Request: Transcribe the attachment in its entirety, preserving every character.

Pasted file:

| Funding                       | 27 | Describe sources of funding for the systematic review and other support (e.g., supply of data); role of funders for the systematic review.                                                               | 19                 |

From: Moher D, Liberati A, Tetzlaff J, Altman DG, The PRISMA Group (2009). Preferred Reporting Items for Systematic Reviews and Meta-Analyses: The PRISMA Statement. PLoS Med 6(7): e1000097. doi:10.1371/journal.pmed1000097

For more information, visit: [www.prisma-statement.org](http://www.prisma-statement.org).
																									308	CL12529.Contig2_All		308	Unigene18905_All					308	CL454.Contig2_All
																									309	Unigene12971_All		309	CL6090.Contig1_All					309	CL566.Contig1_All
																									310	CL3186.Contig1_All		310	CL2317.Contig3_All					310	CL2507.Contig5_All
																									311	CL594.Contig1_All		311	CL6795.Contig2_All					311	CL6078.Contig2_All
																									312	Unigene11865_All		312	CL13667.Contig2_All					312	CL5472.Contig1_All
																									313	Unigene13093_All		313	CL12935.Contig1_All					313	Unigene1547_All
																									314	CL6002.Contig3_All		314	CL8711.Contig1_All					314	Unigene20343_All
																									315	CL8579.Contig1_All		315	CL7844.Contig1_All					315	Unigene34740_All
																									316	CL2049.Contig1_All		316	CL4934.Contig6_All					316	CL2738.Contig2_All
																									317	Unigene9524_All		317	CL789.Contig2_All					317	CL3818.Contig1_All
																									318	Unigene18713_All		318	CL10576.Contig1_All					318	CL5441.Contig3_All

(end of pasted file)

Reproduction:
| Funding                       | 27 | Describe sources of funding for the systematic review and other support (e.g., supply of data); role of funders for the systematic review.                                                               | 19                 |

From: Moher D, Liberati A, Tetzlaff J, Altman DG, The PRISMA Group (2009). Preferred Reporting Items for Systematic Reviews and Meta-Analyses: The PRISMA Statement. PLoS Med 6(7): e1000097. doi:10.1371/journal.pmed1000097

For more information, visit: [www.prisma-statement.org](http://www.prisma-statement.org).
																									308	CL12529.Contig2_All		308	Unigene18905_All					308	CL454.Contig2_All
																									309	Unigene12971_All		309	CL6090.Contig1_All					309	CL566.Contig1_All
																									310	CL3186.Contig1_All		310	CL2317.Contig3_All					310	CL2507.Contig5_All
																									311	CL594.Contig1_All		311	CL6795.Contig2_All					311	CL6078.Contig2_All
																									312	Unigene11865_All		312	CL13667.Contig2_All					312	CL5472.Contig1_All
																									313	Unigene13093_All		313	CL12935.Contig1_All					313	Unigene1547_All
																									314	CL6002.Contig3_All		314	CL8711.Contig1_All					314	Unigene20343_All
																									315	CL8579.Contig1_All		315	CL7844.Contig1_All					315	Unigene34740_All
																									316	CL2049.Contig1_All		316	CL4934.Contig6_All					316	CL2738.Contig2_All
																									317	Unigene9524_All		317	CL789.Contig2_All					317	CL3818.Contig1_All
																									318	Unigene18713_All		318	CL10576.Contig1_All					318	CL5441.Contig3_All